Early in my career as a strength coach, I learned about the many different strength qualities. I prefer to call them strength abilities though. Qualities are not quantifiable. Strength abilities are quantifiable.

I also learned about the importance of quantifying strength abilities to quantify the impact of my programs. However, I struggled to find consensus on the topic of assessing strength abilities.

First, let’s take a brief dive into some of the relevant strength abilities. These include maximum strength (maximum force produced irrespective of time), explosive strength (the rapid application of force per unit of time or rate of force development), and maximal muscle power (the muscle work rate).

These strength abilities are well-defined in the scientific literature and appear in exercise physiology textbooks. Early research by A.V. Hill in the 1930’s depicted the hyperbolic muscle force velocity relationship, and the parabolic power velocity relationship.

Both maximum strength and maximal muscle power are often discussed in the context of the muscle force velocity relationship. Here, the maximal force producing ability of a single muscle fibre or whole muscle can be quantified across a range of shortening velocities.

It is somewhat natural and logical to extend the work of A.V. Hill to the whole body level. This led to many different methods for evaluating the whole body force velocity or power velocity relationship.

I should note that when we evaluate whole body power, we are now referring to the mechanical power generated by the system, which results from the many muscles working together in a synergistic and coordinated manner. Of course this would be highly related to the maximal muscle power ability.

Now back to the story. As a young strength coach it did not take me long to see the positive association between powerful athletes and sport performance. I use the word power here as a qualitative term. This word is also used interchangeably with explosive. The use of the terms powerful and explosive are often bemoaned by purists in biomechanics but I think you understand what I mean.

The controversy or challenge arose when it came to quantifying mechanical power. I had a mentor who told me not to waste my time trying to evaluate “power”. He encouraged me to focus on assessing muscle mass/body composition and maximal strength. In his opinion, both of these factors were highly trainable, possibly more influential for developing maximal muscle power, and he had never had an experience where assessing “power” enhanced his programming.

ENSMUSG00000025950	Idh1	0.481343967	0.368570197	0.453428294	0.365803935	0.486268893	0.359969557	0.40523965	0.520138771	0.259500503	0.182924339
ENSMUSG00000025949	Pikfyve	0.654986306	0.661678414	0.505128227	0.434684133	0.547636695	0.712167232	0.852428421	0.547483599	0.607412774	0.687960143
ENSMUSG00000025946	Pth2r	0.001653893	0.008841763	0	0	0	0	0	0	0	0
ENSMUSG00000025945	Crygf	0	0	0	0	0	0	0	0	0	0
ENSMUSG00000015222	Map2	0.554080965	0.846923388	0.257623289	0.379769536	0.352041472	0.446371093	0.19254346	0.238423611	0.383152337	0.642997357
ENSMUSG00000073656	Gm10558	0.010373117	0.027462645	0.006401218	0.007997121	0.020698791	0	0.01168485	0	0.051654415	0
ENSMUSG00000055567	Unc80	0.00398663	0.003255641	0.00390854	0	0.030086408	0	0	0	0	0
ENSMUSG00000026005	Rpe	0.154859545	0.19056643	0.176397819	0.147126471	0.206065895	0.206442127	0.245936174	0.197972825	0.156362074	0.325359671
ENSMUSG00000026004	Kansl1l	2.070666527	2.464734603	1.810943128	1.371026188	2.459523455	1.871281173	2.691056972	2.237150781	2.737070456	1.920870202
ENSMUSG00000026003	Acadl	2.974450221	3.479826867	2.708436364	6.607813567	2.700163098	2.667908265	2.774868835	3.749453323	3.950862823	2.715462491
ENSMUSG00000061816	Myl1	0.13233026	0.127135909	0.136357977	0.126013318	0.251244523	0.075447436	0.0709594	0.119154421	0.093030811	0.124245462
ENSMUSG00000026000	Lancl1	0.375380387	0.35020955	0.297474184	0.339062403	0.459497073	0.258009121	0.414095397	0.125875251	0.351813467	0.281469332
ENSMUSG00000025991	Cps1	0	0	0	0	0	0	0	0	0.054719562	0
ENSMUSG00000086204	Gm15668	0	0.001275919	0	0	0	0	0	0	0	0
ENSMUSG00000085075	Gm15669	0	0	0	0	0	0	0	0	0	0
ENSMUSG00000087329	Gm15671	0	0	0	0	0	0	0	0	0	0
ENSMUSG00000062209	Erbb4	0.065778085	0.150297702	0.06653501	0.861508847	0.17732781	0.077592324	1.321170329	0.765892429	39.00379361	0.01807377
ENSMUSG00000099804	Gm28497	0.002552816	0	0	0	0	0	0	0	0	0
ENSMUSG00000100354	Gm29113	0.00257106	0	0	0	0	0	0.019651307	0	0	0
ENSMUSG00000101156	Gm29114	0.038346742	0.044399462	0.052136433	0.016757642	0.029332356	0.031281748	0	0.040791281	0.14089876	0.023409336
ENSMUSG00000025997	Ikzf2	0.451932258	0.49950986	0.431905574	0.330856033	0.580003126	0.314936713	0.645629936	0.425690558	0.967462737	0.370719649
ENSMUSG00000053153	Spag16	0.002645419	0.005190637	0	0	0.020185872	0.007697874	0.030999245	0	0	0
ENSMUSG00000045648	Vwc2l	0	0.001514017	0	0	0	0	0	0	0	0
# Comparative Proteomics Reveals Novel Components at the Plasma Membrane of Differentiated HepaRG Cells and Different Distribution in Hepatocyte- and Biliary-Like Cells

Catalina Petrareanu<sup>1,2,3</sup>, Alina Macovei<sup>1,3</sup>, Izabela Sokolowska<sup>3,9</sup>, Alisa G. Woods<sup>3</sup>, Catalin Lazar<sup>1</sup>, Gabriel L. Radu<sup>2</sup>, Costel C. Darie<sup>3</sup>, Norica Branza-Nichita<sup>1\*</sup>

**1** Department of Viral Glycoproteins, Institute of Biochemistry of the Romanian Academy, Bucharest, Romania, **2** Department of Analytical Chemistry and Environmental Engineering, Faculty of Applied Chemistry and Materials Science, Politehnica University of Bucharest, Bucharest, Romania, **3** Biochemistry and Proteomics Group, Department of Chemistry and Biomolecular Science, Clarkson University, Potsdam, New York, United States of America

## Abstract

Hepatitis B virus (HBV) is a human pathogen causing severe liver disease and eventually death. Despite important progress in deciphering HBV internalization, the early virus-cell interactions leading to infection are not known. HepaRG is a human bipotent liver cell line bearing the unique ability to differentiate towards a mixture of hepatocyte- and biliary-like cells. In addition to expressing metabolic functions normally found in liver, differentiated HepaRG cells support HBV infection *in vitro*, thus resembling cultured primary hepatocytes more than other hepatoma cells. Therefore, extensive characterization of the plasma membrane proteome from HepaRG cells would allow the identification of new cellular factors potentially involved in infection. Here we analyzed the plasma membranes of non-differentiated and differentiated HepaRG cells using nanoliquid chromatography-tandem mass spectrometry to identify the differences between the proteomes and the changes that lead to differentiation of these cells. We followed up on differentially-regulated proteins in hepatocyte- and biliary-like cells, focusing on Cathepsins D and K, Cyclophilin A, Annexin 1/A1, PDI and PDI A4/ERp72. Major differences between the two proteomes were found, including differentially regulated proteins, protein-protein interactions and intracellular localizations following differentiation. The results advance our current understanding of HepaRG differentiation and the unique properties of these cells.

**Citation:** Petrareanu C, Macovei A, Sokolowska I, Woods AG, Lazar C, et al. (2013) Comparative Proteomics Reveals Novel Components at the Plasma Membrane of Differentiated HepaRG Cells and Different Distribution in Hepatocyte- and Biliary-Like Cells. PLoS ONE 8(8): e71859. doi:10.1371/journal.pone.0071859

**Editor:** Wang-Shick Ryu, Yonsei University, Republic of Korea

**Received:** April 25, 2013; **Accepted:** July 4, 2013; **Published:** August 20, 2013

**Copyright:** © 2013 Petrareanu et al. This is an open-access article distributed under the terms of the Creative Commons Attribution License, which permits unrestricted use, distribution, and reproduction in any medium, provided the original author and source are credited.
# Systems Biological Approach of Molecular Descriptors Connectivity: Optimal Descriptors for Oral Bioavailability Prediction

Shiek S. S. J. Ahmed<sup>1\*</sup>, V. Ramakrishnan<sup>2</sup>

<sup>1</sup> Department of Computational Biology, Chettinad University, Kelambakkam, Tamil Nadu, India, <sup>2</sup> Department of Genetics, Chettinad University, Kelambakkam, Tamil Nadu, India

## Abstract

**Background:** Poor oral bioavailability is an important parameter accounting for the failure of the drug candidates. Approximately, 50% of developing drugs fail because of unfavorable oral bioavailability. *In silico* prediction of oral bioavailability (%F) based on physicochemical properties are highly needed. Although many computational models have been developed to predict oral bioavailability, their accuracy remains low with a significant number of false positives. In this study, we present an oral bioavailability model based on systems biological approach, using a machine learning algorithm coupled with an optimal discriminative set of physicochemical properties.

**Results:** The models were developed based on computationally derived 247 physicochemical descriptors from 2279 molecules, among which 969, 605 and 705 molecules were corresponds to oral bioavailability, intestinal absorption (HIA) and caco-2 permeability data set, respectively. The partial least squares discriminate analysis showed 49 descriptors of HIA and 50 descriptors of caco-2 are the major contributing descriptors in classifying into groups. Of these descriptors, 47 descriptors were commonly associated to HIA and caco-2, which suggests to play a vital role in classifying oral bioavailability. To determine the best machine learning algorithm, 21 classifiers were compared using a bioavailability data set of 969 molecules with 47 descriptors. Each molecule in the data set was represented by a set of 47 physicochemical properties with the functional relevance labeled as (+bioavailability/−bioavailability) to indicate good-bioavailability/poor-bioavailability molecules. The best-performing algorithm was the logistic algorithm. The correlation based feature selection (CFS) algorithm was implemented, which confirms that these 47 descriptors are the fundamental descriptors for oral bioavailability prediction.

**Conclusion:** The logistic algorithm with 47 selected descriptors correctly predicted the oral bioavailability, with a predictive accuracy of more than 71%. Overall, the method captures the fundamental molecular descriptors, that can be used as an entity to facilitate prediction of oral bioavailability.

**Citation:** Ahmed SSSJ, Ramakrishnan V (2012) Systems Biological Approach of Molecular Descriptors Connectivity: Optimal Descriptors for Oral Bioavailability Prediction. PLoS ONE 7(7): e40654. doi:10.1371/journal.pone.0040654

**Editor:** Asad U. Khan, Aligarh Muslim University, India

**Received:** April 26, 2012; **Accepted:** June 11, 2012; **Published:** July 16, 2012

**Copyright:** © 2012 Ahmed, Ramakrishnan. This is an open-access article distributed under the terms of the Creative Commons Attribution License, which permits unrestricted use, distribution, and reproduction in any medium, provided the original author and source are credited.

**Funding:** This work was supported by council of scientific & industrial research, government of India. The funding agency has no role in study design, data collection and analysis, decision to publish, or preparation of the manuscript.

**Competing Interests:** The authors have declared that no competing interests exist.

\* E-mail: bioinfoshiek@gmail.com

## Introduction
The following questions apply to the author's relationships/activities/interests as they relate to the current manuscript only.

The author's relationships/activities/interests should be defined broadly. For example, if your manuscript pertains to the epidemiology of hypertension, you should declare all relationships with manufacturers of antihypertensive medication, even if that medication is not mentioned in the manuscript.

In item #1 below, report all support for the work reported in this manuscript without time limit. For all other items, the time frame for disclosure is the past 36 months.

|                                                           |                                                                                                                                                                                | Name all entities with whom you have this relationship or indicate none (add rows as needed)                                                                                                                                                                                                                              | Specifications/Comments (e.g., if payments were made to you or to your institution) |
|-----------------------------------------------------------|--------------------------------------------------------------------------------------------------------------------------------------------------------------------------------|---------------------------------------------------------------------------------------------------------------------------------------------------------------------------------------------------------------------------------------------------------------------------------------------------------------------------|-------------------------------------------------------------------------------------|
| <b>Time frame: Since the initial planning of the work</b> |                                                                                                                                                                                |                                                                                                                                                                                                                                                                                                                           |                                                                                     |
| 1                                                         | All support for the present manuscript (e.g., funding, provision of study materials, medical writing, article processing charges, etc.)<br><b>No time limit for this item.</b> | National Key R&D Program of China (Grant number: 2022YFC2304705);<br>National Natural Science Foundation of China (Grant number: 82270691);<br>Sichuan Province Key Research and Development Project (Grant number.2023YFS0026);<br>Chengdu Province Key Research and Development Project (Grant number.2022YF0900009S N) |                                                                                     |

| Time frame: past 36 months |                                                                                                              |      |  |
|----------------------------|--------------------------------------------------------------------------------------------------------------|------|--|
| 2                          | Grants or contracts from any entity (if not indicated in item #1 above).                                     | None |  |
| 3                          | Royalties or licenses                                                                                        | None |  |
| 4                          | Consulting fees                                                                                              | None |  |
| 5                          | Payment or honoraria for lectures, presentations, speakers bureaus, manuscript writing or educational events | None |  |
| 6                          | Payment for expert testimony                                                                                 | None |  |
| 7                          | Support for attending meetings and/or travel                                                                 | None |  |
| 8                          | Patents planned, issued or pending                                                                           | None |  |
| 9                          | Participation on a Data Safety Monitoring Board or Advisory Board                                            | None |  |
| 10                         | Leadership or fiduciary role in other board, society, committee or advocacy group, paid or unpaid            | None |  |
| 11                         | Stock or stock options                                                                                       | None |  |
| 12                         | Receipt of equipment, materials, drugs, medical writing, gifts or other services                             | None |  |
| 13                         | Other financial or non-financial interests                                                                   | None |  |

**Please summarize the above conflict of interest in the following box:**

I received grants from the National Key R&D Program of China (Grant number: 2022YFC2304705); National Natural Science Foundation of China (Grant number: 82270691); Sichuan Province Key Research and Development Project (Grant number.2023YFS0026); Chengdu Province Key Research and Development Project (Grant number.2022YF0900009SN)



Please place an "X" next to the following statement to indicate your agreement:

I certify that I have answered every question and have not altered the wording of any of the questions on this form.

On the other hand, I read many scientific papers through the 90’s that encouraged strength coaches to evaluate maximal mechanical power in the vertical jump

My first run at assessing mechanical power led me to purchase a jump mat (contact mat). I found an equation to convert jump height to “power” and I began testing athletes. I then moved onto a position transducer that used the bar velocity and the external load of the system to yield a “power” value.

The long story short is that both methods for evaluating “power” did not seem overly sensitive to the training process. In fact, I would give my athletes a couple of days rest at the end of a training cycle, measure “power” with one of the two methods above, and I would often find that “power” had decreased from the baseline test.

The first problem was that I had underestimated the persistence of peripheral fatigue or low frequency force depression. A couple of days rest was insufficient for a full recovery in the higher end neuromuscular abilities like maximal muscle power and explosive strength.